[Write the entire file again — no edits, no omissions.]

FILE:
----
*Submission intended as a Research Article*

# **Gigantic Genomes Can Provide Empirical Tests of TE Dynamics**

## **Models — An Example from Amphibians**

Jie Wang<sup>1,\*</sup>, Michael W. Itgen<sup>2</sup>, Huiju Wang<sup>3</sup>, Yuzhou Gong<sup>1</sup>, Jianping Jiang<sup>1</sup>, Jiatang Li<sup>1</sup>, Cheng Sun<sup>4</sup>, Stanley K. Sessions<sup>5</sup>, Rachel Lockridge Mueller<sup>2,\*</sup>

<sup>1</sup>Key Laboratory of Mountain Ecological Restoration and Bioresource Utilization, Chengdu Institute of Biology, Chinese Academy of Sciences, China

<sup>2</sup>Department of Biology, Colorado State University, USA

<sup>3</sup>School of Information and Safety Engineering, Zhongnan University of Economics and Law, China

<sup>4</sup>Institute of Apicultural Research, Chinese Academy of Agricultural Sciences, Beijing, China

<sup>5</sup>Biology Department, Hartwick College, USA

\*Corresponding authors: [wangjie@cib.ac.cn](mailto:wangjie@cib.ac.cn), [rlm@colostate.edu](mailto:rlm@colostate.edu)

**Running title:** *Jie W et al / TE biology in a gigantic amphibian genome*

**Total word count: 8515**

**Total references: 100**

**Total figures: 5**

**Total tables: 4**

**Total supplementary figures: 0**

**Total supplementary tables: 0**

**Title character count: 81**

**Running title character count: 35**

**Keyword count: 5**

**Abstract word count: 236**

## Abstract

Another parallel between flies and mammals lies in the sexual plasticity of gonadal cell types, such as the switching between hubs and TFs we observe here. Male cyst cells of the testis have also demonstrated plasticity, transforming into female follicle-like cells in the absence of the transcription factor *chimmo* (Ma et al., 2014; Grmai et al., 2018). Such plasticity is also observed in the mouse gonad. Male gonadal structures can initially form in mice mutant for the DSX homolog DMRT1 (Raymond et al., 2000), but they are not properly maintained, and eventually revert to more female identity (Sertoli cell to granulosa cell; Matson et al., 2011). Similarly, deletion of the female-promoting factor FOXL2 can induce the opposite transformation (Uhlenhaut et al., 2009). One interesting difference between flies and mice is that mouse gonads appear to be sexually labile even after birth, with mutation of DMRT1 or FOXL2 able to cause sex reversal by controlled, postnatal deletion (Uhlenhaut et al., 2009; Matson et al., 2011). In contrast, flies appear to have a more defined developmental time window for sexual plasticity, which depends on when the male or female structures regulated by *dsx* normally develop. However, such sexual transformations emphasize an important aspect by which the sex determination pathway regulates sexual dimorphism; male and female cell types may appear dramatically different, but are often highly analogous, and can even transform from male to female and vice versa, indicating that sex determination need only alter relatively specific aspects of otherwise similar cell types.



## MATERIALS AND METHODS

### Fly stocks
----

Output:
*Submission intended as a Research Article*

# **Gigantic Genomes Can Provide Empirical Tests of TE Dynamics**

## **Models — An Example from Amphibians**

Jie Wang<sup>1,\*</sup>, Michael W. Itgen<sup>2</sup>, Huiju Wang<sup>3</sup>, Yuzhou Gong<sup>1</sup>, Jianping Jiang<sup>1</sup>, Jiatang Li<sup>1</sup>, Cheng Sun<sup>4</sup>, Stanley K. Sessions<sup>5</sup>, Rachel Lockridge Mueller<sup>2,\*</sup>

<sup>1</sup>Key Laboratory of Mountain Ecological Restoration and Bioresource Utilization, Chengdu Institute of Biology, Chinese Academy of Sciences, China

<sup>2</sup>Department of Biology, Colorado State University, USA

<sup>3</sup>School of Information and Safety Engineering, Zhongnan University of Economics and Law, China

<sup>4</sup>Institute of Apicultural Research, Chinese Academy of Agricultural Sciences, Beijing, China

<sup>5</sup>Biology Department, Hartwick College, USA

\*Corresponding authors: [wangjie@cib.ac.cn](mailto:wangjie@cib.ac.cn), [rlm@colostate.edu](mailto:rlm@colostate.edu)

**Running title:** *Jie W et al / TE biology in a gigantic amphibian genome*

**Total word count: 8515**

**Total references: 100**

**Total figures: 5**

**Total tables: 4**

**Total supplementary figures: 0**

**Total supplementary tables: 0**

**Title character count: 81**

**Running title character count: 35**

**Keyword count: 5**

**Abstract word count: 236**

## Abstract

Another parallel between flies and mammals lies in the sexual plasticity of gonadal cell types, such as the switching between hubs and TFs we observe here. Male cyst cells of the testis have also demonstrated plasticity, transforming into female follicle-like cells in the absence of the transcription factor *chimmo* (Ma et al., 2014; Grmai et al., 2018). Such plasticity is also observed in the mouse gonad. Male gonadal structures can initially form in mice mutant for the DSX homolog DMRT1 (Raymond et al., 2000), but they are not properly maintained, and eventually revert to more female identity (Sertoli cell to granulosa cell; Matson et al., 2011). Similarly, deletion of the female-promoting factor FOXL2 can induce the opposite transformation (Uhlenhaut et al., 2009). One interesting difference between flies and mice is that mouse gonads appear to be sexually labile even after birth, with mutation of DMRT1 or FOXL2 able to cause sex reversal by controlled, postnatal deletion (Uhlenhaut et al., 2009; Matson et al., 2011). In contrast, flies appear to have a more defined developmental time window for sexual plasticity, which depends on when the male or female structures regulated by *dsx* normally develop. However, such sexual transformations emphasize an important aspect by which the sex determination pathway regulates sexual dimorphism; male and female cell types may appear dramatically different, but are often highly analogous, and can even transform from male to female and vice versa, indicating that sex determination need only alter relatively specific aspects of otherwise similar cell types.



## MATERIALS AND METHODS

### Fly stocks